In March, our area has a big reptile expo, and beetles are likely to be there. If it turns out to be safe for my health, I’d like to try to go to that and get some interesting bugs.
@athleticshoelace Are you near Indianapolis? I am going to the March 28th Midwest Reptile Expo at the Indiana state fairgrounds to look for isopods and feeder frozen rodents………
Is this the expo you are talking about?
@athleticshoelace Oops! I think the Expo is on March 26th, not the 28th!
Oh, no fraid not, I live in the Rockies, the expo is one held up in Salt Lake City.
Oh ok! I was getting so excited that I might be able to actually meet someone from the MM Community!
I think I am on the final iteration of this enclosure for now. I’ve added and subtracted things, played with it like a zen garden composition… And I think I like it now. It looks better viewed bigger.
So here’s a detail shot. I had hoped to make not just an enriching and pretty scene but also a neat space to catch pictures or video of the beetles.
I am very excited to finally get these 5 little guys into their tank- they should be arriving tomorrow or the next day!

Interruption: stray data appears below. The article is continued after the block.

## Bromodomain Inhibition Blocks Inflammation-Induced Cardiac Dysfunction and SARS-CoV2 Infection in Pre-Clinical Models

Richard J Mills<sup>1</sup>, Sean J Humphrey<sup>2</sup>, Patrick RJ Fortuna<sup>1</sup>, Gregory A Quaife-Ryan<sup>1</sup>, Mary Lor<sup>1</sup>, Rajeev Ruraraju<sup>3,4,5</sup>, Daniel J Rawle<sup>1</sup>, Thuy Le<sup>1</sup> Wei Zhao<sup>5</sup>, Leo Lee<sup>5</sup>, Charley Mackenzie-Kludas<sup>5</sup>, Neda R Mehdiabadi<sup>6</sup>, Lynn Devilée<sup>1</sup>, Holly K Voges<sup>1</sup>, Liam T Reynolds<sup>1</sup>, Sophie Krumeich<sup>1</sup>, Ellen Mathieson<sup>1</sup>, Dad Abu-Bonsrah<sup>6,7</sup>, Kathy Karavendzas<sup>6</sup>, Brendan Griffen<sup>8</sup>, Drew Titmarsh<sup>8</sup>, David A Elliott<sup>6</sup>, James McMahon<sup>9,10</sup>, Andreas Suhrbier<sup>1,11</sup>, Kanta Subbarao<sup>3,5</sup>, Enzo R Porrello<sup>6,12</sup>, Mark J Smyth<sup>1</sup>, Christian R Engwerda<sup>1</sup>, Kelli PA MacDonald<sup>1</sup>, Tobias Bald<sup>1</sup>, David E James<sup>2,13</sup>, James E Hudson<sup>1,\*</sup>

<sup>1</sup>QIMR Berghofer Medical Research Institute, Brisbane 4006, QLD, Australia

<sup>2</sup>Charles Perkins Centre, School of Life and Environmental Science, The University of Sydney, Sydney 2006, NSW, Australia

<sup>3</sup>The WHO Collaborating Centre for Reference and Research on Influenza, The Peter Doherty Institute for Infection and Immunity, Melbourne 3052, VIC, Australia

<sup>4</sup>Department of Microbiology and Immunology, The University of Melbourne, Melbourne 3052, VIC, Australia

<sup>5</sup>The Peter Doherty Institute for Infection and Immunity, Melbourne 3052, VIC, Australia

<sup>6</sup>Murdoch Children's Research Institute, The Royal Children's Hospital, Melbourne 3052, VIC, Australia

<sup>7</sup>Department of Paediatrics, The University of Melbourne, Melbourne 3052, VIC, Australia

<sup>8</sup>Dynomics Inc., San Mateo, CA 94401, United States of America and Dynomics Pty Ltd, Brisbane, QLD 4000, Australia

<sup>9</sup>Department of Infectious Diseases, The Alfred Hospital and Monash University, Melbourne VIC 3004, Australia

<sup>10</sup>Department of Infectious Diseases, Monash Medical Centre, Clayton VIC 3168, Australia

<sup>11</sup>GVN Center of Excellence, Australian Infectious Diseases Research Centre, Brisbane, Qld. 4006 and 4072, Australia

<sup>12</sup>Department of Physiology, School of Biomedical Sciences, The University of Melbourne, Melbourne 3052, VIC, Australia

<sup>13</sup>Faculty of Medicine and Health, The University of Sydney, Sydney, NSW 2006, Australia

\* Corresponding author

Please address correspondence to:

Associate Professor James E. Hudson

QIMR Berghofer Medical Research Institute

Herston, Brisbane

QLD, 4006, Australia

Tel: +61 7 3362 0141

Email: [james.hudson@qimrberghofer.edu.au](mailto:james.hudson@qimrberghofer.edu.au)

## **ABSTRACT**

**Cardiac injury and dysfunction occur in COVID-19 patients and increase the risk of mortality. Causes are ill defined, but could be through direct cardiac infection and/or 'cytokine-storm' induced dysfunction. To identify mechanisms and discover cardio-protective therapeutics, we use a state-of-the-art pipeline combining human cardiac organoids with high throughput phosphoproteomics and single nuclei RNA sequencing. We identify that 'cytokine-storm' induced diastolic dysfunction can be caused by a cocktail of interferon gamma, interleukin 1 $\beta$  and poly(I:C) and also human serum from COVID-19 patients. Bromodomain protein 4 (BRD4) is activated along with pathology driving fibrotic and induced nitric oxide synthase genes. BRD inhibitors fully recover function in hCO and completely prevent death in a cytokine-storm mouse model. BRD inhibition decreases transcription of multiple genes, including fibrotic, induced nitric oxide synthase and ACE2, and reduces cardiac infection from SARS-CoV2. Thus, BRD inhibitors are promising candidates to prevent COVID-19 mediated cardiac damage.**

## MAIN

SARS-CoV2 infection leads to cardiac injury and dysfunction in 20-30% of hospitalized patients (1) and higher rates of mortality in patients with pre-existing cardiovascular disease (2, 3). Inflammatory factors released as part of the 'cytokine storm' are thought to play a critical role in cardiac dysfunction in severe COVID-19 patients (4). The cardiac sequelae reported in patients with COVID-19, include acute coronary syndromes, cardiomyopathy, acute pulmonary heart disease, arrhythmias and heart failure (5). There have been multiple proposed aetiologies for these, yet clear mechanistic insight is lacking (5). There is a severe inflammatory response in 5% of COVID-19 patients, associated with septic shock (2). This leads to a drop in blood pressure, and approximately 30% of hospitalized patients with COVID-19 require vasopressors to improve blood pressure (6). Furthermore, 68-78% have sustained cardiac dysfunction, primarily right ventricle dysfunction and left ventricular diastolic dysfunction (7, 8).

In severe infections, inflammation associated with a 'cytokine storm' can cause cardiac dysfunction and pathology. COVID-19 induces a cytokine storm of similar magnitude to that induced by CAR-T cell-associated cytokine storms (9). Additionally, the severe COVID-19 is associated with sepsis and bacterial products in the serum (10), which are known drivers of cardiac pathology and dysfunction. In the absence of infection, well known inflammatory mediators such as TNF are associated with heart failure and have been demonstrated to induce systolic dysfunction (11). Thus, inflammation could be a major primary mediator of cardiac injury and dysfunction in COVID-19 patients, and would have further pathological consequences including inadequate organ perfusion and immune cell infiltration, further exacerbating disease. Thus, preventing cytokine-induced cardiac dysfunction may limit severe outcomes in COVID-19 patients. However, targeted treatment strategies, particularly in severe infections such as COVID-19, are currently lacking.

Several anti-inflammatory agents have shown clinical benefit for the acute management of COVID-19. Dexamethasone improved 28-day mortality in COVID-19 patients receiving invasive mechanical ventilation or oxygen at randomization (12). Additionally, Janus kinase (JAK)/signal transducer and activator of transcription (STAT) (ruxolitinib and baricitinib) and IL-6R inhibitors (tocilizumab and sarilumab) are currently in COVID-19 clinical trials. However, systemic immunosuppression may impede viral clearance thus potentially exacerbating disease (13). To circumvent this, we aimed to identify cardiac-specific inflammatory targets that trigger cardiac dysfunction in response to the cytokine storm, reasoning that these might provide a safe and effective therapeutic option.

That setup looks awesome! I hope the little guys appreciate what you have done for them! Are we going to be able to see them when they’re inside there? And what will you feed them and what about the water?
Thank you! I will definitely be taking a lot of pictures.
They tend not to drink but every now and then you can spray a little mist in a corner of the tank for them to seek out if they want it. As far as my research says, generally people are said to struggle with keeping their space dry enough. I live in a High Desert/Montane and Sagebrush type biome so dryness is no problem.
But they are supposed to be happiest on a diet of organic bits of veg, especially carrot or sweet potato, and dead bugs. They are said to get their hydration from that food. They’re sort of desert scavengers, so anything that was formerly alive is worth a nibble to them.
I’ve got a “hermit crab mix” for them to try too with some of the grains like amaranth that they might have encountered in the wild, some leaf litter bits, some bits of dried mealworm and dried cricket- all things that are reasonable possible clutter to find under a bush or the foot of a cholla in the desert. Wind tends to blow stuff around but debris builds up in certain spots, in the scrubby desert back home. (yes I moved from one to another, hah)